Most reptiles require UVA and UVB lighting, this is to help their body function, UVA exposure benefits their eyesight and UVB is for a healthy metabolism, calcium metabolism, and vitamin D synthesis.


Providing a nutritious and balanced diet is crucial to your Leopard Gecko remaining healthy, if your Leo is malnourished their immune system will drop.

When preparing your Leopard Geckos’ food, you’ll need to provide a variety of insects and use supplements such as vitamin and calcium powders.


Unfortunately, you can care for your Leopard Gecko the best you can, however, parasites are able to find their own way to latch onto your Leo. Typically this happens because of an infected insect or someone handling your Leo without cleaning their hands thoroughly.

If you suspect your Leo is infested by parasites, seek expert medical advice from a veterinarian immediately.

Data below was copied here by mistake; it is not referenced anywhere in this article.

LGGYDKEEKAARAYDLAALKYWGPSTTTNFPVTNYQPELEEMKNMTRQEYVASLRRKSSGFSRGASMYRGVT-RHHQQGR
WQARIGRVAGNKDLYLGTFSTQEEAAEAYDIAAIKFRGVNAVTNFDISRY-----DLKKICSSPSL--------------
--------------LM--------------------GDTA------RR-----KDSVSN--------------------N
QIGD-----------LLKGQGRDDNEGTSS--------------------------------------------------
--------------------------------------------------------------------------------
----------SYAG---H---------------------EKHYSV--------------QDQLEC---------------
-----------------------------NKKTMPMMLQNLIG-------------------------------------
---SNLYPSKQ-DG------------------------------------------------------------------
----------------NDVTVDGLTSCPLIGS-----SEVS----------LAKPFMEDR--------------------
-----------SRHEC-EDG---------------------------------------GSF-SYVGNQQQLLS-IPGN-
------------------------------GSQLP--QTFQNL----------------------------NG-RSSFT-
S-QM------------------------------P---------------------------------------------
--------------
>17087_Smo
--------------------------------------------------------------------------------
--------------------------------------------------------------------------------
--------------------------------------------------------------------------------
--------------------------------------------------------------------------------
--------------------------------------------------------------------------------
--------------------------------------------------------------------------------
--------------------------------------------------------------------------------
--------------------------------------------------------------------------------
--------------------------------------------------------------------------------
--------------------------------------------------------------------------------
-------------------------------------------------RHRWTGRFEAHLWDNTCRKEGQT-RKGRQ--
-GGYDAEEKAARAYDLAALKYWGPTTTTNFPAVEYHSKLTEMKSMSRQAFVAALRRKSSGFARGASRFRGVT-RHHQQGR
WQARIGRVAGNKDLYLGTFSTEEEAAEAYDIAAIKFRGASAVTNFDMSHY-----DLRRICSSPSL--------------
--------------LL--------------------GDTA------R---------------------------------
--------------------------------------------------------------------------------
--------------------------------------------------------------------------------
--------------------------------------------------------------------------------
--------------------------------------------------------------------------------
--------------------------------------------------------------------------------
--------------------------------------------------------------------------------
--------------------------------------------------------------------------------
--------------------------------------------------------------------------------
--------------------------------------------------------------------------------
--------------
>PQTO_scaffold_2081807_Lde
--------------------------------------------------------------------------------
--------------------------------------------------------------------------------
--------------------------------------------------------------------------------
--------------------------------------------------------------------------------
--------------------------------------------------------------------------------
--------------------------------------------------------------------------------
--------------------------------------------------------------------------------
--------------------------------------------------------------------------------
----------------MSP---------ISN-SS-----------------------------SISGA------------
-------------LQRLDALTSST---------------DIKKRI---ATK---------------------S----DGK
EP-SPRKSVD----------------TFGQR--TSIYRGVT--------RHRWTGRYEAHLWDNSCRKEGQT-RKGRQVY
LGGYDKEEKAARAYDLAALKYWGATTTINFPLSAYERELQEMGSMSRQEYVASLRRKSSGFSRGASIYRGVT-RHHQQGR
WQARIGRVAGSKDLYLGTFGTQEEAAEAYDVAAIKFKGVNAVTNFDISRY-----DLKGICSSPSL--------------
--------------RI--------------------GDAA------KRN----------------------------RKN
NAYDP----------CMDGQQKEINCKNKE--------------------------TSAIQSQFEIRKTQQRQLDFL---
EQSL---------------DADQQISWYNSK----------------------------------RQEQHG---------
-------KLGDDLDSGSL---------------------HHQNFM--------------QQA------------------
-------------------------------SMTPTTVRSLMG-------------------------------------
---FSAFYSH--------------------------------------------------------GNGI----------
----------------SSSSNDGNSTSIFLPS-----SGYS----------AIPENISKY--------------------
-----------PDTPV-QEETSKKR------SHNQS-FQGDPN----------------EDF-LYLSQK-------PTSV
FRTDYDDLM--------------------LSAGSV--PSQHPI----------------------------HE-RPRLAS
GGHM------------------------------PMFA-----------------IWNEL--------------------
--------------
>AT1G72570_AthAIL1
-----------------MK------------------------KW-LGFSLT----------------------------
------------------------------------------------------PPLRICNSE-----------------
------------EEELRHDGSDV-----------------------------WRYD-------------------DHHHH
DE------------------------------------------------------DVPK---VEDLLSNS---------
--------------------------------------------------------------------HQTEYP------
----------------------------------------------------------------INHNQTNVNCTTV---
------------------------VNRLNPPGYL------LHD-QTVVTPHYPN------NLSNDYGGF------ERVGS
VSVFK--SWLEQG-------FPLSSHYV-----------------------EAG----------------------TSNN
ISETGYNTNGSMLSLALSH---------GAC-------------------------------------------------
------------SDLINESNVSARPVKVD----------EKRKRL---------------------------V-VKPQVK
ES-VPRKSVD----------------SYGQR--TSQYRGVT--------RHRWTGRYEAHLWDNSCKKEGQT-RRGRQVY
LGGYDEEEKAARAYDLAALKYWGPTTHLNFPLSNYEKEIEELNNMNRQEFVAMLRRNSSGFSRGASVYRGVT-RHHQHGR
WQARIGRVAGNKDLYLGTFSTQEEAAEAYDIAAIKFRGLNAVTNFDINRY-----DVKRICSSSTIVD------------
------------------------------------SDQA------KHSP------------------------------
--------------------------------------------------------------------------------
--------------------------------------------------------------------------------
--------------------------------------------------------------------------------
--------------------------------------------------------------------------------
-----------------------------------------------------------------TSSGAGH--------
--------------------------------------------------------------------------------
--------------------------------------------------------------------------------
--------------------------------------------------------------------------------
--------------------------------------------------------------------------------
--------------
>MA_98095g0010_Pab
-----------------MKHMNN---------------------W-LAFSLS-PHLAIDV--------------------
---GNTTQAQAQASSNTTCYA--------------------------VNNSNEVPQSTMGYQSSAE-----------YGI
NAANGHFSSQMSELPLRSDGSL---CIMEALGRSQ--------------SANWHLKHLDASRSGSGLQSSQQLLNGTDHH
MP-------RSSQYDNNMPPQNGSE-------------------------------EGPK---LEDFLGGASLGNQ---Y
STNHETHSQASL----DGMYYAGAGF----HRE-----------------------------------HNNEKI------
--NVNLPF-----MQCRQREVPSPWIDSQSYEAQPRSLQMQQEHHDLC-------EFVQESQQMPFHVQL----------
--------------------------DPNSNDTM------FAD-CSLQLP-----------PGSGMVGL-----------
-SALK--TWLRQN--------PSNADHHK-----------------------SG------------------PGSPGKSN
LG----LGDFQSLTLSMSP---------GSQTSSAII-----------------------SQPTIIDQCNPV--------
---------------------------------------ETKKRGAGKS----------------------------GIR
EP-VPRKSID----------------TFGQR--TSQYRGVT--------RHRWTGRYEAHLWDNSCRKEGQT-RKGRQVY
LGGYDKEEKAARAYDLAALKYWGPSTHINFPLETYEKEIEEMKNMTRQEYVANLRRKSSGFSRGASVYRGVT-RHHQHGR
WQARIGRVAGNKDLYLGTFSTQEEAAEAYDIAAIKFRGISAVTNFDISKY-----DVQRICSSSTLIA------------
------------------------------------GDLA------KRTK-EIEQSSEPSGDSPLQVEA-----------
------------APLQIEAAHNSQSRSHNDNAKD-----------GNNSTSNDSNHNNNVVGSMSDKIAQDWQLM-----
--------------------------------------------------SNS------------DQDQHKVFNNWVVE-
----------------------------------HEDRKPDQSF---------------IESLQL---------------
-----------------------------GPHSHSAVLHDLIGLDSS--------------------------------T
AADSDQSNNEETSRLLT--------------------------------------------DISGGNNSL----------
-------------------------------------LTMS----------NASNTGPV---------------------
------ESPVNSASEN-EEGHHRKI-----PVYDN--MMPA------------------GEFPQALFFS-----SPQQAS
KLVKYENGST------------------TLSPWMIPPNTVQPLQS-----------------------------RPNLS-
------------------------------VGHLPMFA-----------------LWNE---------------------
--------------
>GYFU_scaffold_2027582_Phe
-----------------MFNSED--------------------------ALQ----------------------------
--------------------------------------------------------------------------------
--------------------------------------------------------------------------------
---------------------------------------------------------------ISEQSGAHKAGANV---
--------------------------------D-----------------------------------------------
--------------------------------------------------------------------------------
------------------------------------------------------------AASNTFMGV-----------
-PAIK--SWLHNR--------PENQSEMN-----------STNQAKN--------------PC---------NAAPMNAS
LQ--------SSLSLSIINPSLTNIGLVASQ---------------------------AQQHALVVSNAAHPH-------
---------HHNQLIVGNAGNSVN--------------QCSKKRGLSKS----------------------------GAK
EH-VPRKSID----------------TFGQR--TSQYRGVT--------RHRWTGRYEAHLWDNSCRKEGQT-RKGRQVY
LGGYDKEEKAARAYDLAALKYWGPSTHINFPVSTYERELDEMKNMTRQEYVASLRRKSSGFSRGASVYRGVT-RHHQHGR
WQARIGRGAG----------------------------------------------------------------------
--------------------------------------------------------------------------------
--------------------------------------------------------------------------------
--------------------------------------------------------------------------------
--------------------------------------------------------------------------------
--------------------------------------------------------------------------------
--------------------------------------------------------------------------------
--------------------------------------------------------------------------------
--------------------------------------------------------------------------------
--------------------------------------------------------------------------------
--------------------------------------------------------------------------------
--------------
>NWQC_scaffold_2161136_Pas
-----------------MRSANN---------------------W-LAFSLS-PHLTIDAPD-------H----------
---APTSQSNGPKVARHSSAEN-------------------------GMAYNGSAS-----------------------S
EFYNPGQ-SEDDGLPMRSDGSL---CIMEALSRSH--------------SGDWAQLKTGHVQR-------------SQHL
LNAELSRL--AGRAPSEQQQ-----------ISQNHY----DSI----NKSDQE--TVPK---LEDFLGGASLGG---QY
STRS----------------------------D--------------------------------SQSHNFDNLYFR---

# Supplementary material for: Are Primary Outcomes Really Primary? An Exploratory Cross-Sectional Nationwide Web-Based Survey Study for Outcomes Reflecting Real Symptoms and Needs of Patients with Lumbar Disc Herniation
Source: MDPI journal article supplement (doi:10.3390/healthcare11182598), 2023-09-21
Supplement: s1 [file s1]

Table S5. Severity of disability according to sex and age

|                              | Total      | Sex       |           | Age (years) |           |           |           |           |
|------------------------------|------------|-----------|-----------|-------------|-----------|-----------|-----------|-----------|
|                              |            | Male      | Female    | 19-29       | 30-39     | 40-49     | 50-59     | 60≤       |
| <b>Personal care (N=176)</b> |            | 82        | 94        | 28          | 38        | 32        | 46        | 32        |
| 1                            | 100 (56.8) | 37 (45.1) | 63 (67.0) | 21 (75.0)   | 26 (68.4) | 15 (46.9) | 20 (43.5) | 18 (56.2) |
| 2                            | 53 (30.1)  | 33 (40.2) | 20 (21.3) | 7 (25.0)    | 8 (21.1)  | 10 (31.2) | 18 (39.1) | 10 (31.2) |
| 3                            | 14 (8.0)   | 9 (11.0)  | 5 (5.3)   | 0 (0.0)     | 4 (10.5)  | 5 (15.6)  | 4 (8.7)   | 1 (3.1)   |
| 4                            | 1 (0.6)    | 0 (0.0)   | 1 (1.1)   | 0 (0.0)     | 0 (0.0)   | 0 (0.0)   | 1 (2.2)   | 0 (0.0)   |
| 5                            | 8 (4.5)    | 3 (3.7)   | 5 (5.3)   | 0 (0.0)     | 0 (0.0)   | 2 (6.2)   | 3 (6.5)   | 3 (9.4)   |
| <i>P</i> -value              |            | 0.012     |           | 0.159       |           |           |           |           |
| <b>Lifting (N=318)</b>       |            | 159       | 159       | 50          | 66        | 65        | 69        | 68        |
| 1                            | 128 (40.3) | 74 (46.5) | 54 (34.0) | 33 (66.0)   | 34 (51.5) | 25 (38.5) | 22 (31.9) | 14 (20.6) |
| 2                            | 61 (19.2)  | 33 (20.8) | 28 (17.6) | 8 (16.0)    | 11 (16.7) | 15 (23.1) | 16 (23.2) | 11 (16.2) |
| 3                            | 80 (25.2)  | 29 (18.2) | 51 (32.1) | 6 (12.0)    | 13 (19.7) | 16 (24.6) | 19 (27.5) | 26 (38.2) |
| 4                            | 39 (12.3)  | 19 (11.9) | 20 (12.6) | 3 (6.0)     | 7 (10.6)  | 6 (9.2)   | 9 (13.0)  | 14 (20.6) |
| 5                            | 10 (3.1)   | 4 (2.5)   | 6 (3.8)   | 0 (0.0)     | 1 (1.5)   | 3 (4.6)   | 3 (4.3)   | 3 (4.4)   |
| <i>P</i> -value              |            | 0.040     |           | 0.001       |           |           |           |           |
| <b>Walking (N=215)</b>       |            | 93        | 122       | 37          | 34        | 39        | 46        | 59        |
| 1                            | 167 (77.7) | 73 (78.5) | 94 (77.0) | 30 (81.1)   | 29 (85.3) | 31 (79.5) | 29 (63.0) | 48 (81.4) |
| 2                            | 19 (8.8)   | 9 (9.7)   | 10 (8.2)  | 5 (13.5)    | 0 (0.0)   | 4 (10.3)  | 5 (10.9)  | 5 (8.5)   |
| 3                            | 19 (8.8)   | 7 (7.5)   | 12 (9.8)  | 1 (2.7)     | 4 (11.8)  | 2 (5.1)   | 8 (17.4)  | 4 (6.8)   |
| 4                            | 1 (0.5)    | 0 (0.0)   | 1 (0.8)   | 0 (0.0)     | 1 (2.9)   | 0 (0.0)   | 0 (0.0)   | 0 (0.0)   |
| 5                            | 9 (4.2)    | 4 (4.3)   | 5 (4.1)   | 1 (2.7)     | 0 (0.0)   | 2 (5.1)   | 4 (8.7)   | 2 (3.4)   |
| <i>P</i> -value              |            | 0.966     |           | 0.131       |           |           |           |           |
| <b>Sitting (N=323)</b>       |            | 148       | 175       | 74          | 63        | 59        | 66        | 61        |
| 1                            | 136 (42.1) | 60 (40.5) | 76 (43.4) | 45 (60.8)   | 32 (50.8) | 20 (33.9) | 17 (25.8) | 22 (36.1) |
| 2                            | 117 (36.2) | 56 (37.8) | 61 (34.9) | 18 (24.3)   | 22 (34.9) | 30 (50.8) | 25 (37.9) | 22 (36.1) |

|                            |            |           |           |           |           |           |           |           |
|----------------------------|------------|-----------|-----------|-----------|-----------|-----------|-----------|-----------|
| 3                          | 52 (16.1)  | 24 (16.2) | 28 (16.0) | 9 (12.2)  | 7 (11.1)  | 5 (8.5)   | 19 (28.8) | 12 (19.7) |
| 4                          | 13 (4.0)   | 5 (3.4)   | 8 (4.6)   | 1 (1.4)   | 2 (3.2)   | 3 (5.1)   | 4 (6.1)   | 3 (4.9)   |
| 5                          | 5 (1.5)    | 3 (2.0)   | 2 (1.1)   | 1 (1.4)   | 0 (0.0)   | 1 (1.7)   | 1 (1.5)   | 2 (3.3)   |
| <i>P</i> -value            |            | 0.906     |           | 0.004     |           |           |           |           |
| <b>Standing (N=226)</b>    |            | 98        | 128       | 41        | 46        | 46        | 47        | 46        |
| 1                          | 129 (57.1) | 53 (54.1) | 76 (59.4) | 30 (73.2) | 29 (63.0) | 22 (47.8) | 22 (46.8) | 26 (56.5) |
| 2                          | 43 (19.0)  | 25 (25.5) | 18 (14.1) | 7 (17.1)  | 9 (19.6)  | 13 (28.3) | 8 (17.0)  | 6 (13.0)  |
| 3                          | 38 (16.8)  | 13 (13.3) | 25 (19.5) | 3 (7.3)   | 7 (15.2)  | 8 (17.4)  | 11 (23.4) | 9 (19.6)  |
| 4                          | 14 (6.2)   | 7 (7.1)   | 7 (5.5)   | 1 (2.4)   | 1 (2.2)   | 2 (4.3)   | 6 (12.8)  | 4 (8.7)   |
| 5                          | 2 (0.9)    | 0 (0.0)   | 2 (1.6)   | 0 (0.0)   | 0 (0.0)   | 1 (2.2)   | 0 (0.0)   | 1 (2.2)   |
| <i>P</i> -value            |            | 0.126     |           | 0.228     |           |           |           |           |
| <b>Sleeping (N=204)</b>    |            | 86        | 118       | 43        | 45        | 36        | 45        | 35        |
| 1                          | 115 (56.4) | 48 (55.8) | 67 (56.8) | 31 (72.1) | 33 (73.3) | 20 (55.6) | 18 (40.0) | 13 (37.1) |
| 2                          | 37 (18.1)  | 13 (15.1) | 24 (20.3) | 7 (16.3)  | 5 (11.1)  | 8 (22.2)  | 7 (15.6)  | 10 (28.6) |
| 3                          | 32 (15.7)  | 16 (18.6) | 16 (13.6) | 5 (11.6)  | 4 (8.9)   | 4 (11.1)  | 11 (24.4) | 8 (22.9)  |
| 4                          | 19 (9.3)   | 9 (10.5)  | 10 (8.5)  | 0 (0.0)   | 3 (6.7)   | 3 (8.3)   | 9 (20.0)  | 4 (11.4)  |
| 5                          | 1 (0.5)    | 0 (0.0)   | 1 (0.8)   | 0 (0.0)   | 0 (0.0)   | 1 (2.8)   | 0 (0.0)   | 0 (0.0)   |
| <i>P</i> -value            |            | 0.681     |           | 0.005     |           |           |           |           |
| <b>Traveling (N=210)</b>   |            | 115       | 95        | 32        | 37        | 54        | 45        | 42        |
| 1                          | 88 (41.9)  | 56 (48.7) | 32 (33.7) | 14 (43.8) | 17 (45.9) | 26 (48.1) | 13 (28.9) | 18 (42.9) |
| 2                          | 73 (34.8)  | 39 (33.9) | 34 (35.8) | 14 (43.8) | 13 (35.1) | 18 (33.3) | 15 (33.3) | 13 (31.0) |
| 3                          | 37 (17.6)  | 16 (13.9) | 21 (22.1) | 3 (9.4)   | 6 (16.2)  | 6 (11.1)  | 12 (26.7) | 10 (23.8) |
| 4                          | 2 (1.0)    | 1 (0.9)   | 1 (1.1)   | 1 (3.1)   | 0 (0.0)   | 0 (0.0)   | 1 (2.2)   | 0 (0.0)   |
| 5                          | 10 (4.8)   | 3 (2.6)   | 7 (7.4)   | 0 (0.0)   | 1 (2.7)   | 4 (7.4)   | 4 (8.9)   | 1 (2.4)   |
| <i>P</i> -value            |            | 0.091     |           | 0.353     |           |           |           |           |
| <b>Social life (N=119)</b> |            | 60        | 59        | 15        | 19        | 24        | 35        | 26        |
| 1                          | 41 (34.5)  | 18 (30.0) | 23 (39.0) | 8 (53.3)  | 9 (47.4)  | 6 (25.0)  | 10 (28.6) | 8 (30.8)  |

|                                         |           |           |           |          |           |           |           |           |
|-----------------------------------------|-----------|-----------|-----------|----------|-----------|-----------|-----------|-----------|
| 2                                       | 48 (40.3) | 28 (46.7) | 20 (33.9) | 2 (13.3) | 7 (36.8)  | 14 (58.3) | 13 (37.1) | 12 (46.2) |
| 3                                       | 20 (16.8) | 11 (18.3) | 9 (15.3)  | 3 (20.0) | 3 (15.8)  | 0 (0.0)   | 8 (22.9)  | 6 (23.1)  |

What Are The Symptoms Of Mouth Rot In Leopard Geckos?

The symptoms of mouth rot in Leopard Geckos are as follows;

  • Bleeding gums
  • Yellow pus
  • Swelling
  • Loss of appetite
  • Black shading on teeth
  • Excessive drooling
  • Favoring one side of their mouth
Snake Discovery Youtube Channel: This video thoroughly provides information on how to identify mouth rot, its causes, and how to treat it.

Mouth Rot Treatments

The first thing you’ll need to do is consult your veterinarian expert for advice on what to do. Usually, a prescribed treatment of antibiotics and local antiseptics will do the trick.

During this time, you’ll need to clean and sterilize their enclosure to remove bacteria to prevent the infection from spreading and causing other illnesses.

Never apply unauthorized products to your Leopard Gecko, this could cause more harm than good. Only apply treatments prescribed by your veterinarian expert.


Leopard Gecko mouth rot is a health issue impacting the well-being of our beloved pets. However, by practicing good husbandry and monitoring your Leopard Gecko’s health regularly, you can help prevent and treat mouth rot. 

If you suspect your Leopard Gecko has mouth rot, it is crucial to seek veterinary care as soon as possible to ensure a full recovery.